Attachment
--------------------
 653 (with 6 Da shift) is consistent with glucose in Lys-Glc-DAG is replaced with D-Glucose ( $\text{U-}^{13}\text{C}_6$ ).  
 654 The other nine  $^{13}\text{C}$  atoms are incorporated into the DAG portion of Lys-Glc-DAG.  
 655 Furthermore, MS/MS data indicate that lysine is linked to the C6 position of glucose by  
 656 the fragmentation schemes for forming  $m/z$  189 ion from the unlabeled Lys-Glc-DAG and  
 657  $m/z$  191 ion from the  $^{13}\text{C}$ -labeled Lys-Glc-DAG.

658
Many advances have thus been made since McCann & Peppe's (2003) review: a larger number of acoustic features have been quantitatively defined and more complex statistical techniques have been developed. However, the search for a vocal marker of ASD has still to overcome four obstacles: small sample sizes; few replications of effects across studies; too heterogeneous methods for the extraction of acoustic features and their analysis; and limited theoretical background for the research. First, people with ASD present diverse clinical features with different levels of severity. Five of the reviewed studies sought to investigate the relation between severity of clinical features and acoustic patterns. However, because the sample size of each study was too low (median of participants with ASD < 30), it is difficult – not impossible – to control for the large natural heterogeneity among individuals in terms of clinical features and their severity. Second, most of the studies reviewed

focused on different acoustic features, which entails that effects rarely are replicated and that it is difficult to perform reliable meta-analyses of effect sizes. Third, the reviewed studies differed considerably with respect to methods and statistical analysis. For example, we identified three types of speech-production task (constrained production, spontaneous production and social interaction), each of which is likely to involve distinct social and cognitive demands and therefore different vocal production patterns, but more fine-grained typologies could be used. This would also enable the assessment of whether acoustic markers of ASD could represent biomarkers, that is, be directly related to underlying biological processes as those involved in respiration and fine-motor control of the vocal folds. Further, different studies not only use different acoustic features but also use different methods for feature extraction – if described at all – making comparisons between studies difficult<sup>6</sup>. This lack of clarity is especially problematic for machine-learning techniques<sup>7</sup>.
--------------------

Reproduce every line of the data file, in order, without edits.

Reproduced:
 653 (with 6 Da shift) is consistent with glucose in Lys-Glc-DAG is replaced with D-Glucose ( $\text{U-}^{13}\text{C}_6$ ).  
 654 The other nine  $^{13}\text{C}$  atoms are incorporated into the DAG portion of Lys-Glc-DAG.  
 655 Furthermore, MS/MS data indicate that lysine is linked to the C6 position of glucose by  
 656 the fragmentation schemes for forming  $m/z$  189 ion from the unlabeled Lys-Glc-DAG and  
 657  $m/z$  191 ion from the  $^{13}\text{C}$ -labeled Lys-Glc-DAG.

658
Many advances have thus been made since McCann & Peppe's (2003) review: a larger number of acoustic features have been quantitatively defined and more complex statistical techniques have been developed. However, the search for a vocal marker of ASD has still to overcome four obstacles: small sample sizes; few replications of effects across studies; too heterogeneous methods for the extraction of acoustic features and their analysis; and limited theoretical background for the research. First, people with ASD present diverse clinical features with different levels of severity. Five of the reviewed studies sought to investigate the relation between severity of clinical features and acoustic patterns. However, because the sample size of each study was too low (median of participants with ASD < 30), it is difficult – not impossible – to control for the large natural heterogeneity among individuals in terms of clinical features and their severity. Second, most of the studies reviewed

focused on different acoustic features, which entails that effects rarely are replicated and that it is difficult to perform reliable meta-analyses of effect sizes. Third, the reviewed studies differed considerably with respect to methods and statistical analysis. For example, we identified three types of speech-production task (constrained production, spontaneous production and social interaction), each of which is likely to involve distinct social and cognitive demands and therefore different vocal production patterns, but more fine-grained typologies could be used. This would also enable the assessment of whether acoustic markers of ASD could represent biomarkers, that is, be directly related to underlying biological processes as those involved in respiration and fine-motor control of the vocal folds. Further, different studies not only use different acoustic features but also use different methods for feature extraction – if described at all – making comparisons between studies difficult<sup>6</sup>. This lack of clarity is especially problematic for machine-learning techniques<sup>7</sup>.